From the outside, the plain rectangular building is unremarkable. Chipped white wood siding frames three carriage doors, askew from years of squatter traffic. One is boarded up with a large sheet of plywood in a vain attempt to keep trespassers out. Thick locks proved only a temporary deterrent, and for the bold, a large opening in the backside of the building provides a dog door of sorts.
Inside, the former community garage in Bend's historic district show signs of its more recent history. Scattered about the molding and collapsing structure, personal effects shed light on its most latest inhabitants: Backpacks, sleeping bags, and empty packs of cigarettes accompany a mandala coloring book, a large Ziplock of dog food, and a massive bottle of what appears to be urine.
A hole in the floor serves as garbage chute and smorgasbord for smaller freeloading tenants, while a long ceiling beam has called it quits, no longer able or willing to shoulder the weight of the crumbling pile of timber.
In any other neighborhood, the building would be considered a simple eyesore and threat to human safety, and promptly razed. But because it is located in a historic district, on the corner of NW Georgia Avenue and NW Bond Street (across from the Source office), its modification—or demolition—is subject to strict City code requirements.
What makes a building "historic," and therefore worthy of preservation? In Bend, certain buildings are designated as historic properties based on their individual merits, while others make the cut simply by virtue of being located in one of the city's "historic districts"—namely Old Town and Drake Park.
The goal, according to City code, is the "preservation and designation of historic resources that have special historic and prehistoric association or significance as a part of the heritage of the citizens of the City and for the education, enjoyment and pride of the citizens, as well as the beautification of the City and enhancement of the value of such property."
Education, enjoyment, pride, and beautification. These are lofty aims that can no doubt be achieved with careful restoration of properties with true historic significance. And the City demands that it be careful.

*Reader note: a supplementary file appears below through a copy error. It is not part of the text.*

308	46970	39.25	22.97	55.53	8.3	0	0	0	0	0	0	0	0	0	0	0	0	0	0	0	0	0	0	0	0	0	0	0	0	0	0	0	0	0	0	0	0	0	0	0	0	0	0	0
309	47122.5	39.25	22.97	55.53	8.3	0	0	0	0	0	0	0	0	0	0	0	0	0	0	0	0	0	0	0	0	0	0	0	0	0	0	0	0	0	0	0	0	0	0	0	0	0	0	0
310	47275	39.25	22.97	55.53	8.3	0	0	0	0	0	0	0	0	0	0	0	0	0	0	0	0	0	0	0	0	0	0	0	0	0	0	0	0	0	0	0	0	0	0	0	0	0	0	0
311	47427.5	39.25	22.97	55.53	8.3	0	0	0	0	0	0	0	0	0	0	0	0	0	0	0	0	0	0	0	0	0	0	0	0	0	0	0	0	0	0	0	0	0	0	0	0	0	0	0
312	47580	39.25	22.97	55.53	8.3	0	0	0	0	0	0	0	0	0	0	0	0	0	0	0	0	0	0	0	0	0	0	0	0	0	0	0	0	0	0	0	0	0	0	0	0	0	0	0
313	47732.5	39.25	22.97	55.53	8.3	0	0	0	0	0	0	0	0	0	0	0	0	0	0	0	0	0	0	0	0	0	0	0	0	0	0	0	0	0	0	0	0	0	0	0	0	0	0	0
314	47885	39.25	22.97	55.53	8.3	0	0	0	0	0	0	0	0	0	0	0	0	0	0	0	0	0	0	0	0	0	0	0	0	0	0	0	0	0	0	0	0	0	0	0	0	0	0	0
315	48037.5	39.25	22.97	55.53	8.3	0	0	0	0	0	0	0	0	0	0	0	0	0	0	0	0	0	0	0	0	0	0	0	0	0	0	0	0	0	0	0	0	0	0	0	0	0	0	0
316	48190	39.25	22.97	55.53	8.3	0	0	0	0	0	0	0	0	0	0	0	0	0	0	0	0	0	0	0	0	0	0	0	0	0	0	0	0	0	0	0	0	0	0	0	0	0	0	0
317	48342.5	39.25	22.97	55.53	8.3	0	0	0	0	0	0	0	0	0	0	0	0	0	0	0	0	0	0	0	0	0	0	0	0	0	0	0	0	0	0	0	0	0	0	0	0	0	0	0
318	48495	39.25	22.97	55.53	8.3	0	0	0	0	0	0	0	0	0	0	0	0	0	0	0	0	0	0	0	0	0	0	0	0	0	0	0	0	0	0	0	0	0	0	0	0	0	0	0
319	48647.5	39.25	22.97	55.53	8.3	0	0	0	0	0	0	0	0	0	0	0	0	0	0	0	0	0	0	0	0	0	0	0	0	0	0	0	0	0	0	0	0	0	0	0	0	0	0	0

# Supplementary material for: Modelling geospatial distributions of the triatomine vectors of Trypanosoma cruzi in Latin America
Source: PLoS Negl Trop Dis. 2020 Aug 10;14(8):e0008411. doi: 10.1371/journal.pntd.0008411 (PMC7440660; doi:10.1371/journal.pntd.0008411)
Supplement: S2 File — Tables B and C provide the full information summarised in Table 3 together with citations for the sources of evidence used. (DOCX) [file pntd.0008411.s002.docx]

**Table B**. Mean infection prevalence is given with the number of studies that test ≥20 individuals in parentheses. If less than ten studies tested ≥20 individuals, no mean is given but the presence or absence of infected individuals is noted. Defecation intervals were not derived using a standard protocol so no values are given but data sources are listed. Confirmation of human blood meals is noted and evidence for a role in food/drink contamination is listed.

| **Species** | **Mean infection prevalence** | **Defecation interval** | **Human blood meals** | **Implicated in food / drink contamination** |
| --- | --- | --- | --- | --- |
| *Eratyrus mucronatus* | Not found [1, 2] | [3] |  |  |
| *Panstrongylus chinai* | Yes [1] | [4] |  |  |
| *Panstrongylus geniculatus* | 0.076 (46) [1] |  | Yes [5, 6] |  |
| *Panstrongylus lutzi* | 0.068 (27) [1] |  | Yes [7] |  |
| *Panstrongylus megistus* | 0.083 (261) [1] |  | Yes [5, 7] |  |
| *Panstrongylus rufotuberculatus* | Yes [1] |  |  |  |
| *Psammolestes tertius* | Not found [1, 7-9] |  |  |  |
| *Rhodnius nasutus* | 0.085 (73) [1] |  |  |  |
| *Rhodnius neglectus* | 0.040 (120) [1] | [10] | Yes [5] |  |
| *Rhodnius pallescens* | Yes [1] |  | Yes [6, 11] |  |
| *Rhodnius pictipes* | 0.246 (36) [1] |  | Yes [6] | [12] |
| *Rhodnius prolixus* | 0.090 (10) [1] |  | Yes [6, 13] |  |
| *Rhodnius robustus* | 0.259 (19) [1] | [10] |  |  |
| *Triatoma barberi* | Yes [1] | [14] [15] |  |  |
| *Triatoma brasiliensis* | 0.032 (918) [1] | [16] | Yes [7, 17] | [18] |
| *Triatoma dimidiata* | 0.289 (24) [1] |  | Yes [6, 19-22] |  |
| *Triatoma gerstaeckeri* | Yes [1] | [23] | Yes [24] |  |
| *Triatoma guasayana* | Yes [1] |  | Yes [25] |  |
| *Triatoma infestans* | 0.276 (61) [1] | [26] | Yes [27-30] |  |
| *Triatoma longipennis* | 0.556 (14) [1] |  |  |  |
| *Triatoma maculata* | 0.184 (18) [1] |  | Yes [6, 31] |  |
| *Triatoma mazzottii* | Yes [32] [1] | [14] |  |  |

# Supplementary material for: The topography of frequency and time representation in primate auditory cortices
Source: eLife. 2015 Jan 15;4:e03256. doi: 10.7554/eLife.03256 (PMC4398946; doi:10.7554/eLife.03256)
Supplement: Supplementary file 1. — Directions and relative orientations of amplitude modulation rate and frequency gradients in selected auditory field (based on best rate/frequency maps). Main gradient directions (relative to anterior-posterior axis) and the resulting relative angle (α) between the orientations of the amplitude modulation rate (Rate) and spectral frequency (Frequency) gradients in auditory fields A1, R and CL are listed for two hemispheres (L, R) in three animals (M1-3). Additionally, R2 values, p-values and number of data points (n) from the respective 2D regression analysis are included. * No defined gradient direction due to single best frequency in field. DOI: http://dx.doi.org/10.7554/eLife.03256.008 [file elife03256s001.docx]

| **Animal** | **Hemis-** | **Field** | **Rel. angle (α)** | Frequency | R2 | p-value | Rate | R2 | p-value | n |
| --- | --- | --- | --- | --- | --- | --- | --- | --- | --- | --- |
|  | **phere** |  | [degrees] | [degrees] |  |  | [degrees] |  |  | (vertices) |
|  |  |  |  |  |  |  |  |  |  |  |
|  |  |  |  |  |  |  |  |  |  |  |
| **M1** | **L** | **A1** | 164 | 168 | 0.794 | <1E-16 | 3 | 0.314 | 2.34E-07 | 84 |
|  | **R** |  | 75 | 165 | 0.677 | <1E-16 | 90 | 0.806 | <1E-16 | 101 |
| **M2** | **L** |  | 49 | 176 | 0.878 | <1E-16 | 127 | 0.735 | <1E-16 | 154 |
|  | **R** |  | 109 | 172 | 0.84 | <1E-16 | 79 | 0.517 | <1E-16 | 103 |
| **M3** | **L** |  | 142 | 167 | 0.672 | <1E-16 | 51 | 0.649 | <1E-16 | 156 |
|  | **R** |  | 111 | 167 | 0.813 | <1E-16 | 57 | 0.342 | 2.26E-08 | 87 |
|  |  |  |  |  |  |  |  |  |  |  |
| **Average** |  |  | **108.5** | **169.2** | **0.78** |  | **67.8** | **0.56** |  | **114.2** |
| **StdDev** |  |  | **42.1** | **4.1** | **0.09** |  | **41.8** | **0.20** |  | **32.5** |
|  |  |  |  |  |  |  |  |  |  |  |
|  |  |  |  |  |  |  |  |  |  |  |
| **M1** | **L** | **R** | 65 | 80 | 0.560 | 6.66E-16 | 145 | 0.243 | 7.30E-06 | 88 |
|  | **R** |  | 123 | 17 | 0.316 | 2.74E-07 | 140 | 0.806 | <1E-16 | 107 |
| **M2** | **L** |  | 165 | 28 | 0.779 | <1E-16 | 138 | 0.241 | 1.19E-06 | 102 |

Since the illegal demolition of a historic Brooks-Scanlon crane shed in 2004, the City has tightened its requirements for wiping out a listed property.
In 2013, then co-owner Jennifer Lundstrom, a Portland-based real estate agent, submitted a request to demolish the building. In the letter accompanying her materials, she described her initial vision for the building she purchased in 2012—and the subsequent reality checks that persuaded her that saving it wasn't feasible.
"We were originally hoping to keep the existing garage and restore the structure," she wrote in the September 7 letter. "But after talks with neighbors, several contractors and a structural engineer, we quickly found that the property is unsafe, too far damaged, and unfit to be salvaged."
Lundstrom goes on to explain that the building's previous owner tried to warn her of the building's condition—"seriously about to fall down at any moment"—and says that after years of lying vacant, it has crossed the threshold from simply unsightly to downright dangerous.
"We believe that the property poses safety issues for the neighborhood and a threat to public health due to the junk and riff-raff that it attracts in its current state," she wrote. "We also believe the shed could fall down at any moment so the issue is dire to the safety of the general public."
And things haven't gotten better in the two years since Lundstom sought approval to demolish the building. Since 2010, Bend Police have been called to the garage four times. "Of the four responses, three have resulted in criminal arrests," says Bend Police Chief Jim Porter. "The arrests include trespassing, possession of controlled substances, and probation violations."
Bend Police most recently responded to an incident at the garage on August 7, after a young man was seen walking into the building. Officers surrounded the entrance and waited, guns ready, while a handful of stowaways emerged.
"We found the suspects had cut the lock of the chain securing the door, but threaded the chain in such a manner as to make it appear the door was secured with a chain, with the lock on the inside of the garage," Porter explains. "The owner is absentee, living outside of Central Oregon. They have made valid attempts to secure the building, but when someone cuts a secure lock, I'm not sure what further they can do."
He says he's following up with the owner to ensure they are taking appropriate measures to secure the building, and officers have conducted what he calls "community police checks" to make sure there isn't any funny business going on.
The building sold to a new owner in July, even though Lundstrom ultimately secured approval for a later plan (shown in the inset above) that involved building a home that uses approximately 20 percent of the existing structure and draws inspiration from its current design.
Senior City Planner Heidi Kennedy says that while she can't predict whether the Landmarks Commission would have approved the demolition request, tearing down buildings in historic districts is uncommon.
"I think demolitions aren't really that common, because it's a lot of work," she explains. "You have to prove its really in bad shape."
Lundstrom says that the project ultimately proved too costly, prompting her to sell. She says the new owner plans to move forward with the approved design for a two-bedroom, two-bathroom home.
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